Max Steinberg enjoyed lots of support from the crowd and appeared to appreciate the weighty role that was largely thrust upon him during the extended layoff as potentially poker’s ideal ambassador.  Most of his large entourage gathered inside the Rio dressed up for the occasion, mirroring their favorite poker player’s dashing and debonair fashion sense.  Steinberg, who customarily marks each of his WSOP final table appearance by wearing a suit and tie (this is his fifth such occasion), arrived fully prepared to leave quite an impression – and he did.

Unfortunately, the cards didn’t cooperate for Steinberg in the end.  He became the final player of the night to be eliminated, in fourth place.  Steinberg had previously dodged a major bullet when he managed to spike a 10 on the flop against Tom Cannuli’s pocket aces.  Steinberg later remarked that the good fortune put him on something of a freeroll.

“I shouldn’t have made it this far, so I certainly can’t complain,” Steinberg said afterward in front of his cheering throng of supporters.  “When I hit the 10, that gave me added life.

Actually, hitting the card actually gave Steinberg an extra $1.2 million, presuming he would have busted out 6th instead of 4th.  As things turned out instead, the 27-year-old poker pro and fantasy sports expert collected a whopping $2,615,361 in prize money.

“This was an amazing experience,” Steinberg said.  “Poker is going to always be a part of my life and I know I will look back on this and remember what a great time I had.”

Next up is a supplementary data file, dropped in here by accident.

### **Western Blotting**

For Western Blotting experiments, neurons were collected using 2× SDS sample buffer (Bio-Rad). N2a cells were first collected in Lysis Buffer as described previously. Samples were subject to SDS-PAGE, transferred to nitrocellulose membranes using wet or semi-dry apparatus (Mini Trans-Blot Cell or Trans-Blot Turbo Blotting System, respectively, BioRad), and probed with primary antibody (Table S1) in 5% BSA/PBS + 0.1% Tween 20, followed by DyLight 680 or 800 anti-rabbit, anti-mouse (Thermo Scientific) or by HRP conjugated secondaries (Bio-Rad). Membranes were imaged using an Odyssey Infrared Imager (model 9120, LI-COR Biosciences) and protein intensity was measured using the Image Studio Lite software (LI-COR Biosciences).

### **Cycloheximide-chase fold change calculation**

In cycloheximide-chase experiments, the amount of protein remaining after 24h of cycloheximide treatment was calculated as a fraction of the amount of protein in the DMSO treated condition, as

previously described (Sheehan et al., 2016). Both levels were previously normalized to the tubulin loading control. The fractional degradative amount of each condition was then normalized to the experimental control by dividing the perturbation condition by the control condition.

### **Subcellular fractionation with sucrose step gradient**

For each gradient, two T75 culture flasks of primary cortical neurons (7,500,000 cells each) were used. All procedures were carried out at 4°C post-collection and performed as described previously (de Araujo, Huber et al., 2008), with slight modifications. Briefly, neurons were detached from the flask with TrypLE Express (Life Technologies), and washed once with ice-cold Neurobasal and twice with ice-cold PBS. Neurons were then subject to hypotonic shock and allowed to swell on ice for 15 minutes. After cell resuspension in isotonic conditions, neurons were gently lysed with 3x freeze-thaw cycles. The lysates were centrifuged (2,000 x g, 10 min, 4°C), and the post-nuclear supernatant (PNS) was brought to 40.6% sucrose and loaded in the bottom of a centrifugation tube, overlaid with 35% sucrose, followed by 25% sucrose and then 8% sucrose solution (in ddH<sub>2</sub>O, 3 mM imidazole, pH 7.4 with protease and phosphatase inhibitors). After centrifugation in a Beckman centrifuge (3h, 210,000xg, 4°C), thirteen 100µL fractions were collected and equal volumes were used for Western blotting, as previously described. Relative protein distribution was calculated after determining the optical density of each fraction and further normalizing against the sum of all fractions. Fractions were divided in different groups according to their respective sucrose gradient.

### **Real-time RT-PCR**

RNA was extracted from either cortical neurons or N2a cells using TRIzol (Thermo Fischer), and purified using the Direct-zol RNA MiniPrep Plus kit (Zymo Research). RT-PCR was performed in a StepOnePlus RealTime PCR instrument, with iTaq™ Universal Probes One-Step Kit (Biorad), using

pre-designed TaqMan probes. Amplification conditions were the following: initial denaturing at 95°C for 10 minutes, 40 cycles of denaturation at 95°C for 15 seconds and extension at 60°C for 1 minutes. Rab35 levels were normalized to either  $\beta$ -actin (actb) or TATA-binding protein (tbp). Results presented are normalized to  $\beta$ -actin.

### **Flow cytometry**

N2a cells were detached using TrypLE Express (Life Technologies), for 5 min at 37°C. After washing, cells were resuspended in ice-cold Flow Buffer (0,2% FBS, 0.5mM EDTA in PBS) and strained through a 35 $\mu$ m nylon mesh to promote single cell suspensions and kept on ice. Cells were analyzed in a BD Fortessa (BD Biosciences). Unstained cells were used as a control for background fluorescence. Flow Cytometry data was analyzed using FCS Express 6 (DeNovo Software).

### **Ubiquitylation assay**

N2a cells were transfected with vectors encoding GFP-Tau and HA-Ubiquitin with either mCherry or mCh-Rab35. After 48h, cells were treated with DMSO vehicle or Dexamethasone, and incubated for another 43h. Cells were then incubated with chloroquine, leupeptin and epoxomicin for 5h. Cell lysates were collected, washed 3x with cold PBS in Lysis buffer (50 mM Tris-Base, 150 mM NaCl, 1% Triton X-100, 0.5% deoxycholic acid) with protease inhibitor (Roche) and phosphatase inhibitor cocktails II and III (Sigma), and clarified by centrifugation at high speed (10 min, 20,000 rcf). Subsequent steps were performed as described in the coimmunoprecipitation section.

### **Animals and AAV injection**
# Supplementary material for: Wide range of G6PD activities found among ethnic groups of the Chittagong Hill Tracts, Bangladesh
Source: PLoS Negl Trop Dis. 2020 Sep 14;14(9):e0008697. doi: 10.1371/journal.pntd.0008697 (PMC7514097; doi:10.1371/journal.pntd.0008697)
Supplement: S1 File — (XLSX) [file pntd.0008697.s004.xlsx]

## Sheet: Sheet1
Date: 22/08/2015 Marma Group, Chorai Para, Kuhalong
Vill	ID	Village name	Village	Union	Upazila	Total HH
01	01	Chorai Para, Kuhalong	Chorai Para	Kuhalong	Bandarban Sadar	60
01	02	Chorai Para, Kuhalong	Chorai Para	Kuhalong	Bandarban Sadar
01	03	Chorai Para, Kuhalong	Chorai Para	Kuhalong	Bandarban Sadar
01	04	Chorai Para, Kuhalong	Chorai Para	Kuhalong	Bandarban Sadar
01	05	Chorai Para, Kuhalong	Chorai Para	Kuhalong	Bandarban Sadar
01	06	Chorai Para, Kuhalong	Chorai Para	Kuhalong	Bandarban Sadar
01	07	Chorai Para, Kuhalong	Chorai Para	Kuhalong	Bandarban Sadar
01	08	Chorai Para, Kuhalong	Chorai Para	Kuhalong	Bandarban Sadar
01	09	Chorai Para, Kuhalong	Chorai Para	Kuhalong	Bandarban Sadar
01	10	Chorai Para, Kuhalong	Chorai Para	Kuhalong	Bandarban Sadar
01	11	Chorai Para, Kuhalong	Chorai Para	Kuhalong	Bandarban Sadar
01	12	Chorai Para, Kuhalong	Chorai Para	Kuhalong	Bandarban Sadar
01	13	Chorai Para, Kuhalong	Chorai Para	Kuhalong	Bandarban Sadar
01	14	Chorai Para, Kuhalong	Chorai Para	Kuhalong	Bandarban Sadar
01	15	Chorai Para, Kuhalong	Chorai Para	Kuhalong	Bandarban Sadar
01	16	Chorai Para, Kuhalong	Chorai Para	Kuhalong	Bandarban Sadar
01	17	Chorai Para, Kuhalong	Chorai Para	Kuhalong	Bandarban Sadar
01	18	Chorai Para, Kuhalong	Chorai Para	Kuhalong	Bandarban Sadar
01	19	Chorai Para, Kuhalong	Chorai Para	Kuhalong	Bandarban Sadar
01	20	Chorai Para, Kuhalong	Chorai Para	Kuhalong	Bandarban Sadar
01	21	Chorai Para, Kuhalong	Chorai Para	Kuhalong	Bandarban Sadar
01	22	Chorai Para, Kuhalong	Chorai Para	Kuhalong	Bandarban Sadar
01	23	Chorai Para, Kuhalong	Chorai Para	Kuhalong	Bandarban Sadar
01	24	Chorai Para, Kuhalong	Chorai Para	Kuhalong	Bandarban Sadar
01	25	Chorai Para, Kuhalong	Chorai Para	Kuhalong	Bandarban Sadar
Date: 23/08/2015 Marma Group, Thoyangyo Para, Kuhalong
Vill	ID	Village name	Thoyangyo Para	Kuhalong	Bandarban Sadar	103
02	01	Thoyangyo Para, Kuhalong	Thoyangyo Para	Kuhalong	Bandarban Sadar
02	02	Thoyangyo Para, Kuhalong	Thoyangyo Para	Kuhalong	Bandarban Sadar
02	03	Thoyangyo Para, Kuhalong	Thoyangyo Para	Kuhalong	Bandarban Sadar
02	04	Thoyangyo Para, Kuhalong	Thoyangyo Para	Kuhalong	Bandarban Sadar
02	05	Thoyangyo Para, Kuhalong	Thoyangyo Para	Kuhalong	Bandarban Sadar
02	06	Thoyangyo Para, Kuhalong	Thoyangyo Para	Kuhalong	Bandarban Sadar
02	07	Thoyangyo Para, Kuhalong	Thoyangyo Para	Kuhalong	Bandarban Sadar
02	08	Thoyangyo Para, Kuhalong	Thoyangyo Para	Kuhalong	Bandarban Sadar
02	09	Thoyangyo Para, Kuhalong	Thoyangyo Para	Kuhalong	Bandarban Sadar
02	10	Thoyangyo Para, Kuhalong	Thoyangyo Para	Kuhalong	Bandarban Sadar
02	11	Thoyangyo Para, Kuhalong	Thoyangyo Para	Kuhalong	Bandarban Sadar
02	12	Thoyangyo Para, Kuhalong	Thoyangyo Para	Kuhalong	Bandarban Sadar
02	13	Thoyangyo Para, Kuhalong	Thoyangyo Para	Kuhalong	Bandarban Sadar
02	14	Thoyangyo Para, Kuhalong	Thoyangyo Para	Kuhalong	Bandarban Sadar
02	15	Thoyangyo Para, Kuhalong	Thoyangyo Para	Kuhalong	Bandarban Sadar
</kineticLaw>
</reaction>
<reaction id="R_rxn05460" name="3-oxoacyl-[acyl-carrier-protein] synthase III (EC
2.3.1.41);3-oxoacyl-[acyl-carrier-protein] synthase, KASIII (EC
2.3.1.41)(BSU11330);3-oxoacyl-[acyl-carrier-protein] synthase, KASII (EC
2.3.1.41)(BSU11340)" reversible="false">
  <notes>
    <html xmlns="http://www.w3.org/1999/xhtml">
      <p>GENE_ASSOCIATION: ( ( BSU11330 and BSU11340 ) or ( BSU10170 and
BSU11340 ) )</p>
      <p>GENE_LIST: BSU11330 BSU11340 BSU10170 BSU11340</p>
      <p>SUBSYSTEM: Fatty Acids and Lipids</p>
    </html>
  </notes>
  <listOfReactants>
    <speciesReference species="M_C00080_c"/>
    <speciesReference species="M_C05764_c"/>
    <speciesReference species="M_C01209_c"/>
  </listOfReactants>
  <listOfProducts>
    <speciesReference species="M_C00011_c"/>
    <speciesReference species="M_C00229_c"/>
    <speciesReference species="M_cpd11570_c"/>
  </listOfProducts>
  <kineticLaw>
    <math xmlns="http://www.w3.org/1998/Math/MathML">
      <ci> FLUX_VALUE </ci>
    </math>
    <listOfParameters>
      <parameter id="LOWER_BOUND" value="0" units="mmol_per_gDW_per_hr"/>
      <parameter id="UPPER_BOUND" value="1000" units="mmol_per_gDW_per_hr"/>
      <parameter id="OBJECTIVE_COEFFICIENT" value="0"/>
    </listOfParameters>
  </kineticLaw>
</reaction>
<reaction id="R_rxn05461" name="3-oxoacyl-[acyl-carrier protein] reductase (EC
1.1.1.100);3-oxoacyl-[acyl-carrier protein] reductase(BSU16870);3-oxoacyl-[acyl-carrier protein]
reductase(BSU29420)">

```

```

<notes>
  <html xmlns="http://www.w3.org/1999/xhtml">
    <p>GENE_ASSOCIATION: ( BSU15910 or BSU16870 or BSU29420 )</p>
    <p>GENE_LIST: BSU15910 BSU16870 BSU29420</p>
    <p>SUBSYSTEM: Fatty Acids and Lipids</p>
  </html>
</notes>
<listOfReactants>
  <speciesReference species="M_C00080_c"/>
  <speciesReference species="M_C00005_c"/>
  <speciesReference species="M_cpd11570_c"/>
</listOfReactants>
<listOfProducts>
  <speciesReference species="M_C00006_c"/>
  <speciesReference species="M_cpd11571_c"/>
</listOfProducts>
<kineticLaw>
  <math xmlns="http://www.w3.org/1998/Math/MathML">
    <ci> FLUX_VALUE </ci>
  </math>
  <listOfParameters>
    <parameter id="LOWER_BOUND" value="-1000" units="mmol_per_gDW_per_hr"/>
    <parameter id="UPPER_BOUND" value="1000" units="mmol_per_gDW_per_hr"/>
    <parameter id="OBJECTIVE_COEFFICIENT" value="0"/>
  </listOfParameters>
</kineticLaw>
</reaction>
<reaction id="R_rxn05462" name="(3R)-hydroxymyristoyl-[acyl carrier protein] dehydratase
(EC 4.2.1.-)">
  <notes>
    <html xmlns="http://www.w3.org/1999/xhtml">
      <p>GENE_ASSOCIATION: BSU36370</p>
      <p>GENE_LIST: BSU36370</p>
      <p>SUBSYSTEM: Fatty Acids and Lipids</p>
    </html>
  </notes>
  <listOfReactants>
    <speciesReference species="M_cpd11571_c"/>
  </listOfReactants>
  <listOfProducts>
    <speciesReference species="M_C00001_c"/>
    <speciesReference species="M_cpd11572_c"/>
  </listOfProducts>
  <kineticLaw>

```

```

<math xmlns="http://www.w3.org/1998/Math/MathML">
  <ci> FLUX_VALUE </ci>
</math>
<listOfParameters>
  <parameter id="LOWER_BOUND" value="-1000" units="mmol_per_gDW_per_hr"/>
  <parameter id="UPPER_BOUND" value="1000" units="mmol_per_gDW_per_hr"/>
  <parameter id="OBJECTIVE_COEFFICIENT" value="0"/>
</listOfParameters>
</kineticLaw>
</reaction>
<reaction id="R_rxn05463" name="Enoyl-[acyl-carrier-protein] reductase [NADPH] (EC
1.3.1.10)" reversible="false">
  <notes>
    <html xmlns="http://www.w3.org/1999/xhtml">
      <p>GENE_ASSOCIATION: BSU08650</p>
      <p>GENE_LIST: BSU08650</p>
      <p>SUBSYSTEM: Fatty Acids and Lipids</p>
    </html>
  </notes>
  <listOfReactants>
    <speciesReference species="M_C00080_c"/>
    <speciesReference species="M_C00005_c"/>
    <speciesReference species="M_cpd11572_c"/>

Steinberg tweeted throughout play.  Demonstrating the class that has come to define his public persona, he sent out this final post on Twitter:  “Thank you so much for the support everyone! I'm so grateful for 4th and good luck to everyone else in the field.”

With a “good luck” message from the fourth-place finisher, the final stage on what’s to be the final night at poker’s supreme final table is now all set.



Just three players now remain in the WSOP Main Event Championship.  The field includes players from Pennsylvania (McKeehen), New Jersey (Beckley), and California (Blumenfield).  Entering Tuesday’s night’s finale, here are the chip counts:

Joe McKeehen – 128,825,000
Neil Blumenfield – 40,125,000
Josh Beckley – 23,700,000  

[Blinds are 1,000,000 / 500,000 with a 150,000 ante.  That means each orbit of three hands will cost each player 1,950,000 in chips]

Cards go into the air live at 6 pm sharp PST in Las Vegas.  General admission seating inside the Penn and Teller Theater is free and open to the public to anyone over the age of 21.  Television broadcast coverage begins on a 30-minute delay in ESPN, with co-host Lon McEachern and Norman Chad calling all the action, along with Kara Scott.  They will be joined by poker analysts Daniel Negreanu, Phil Hellmuth, and Antonio Esfandiari.

Poker’s biggest night will soon be underway, where the 6,420 players who began their journey, 6,417 of which are since long gone will ultimately play down to one world champion, who collects $7,683,346 and the covered WSOP gold bracelet.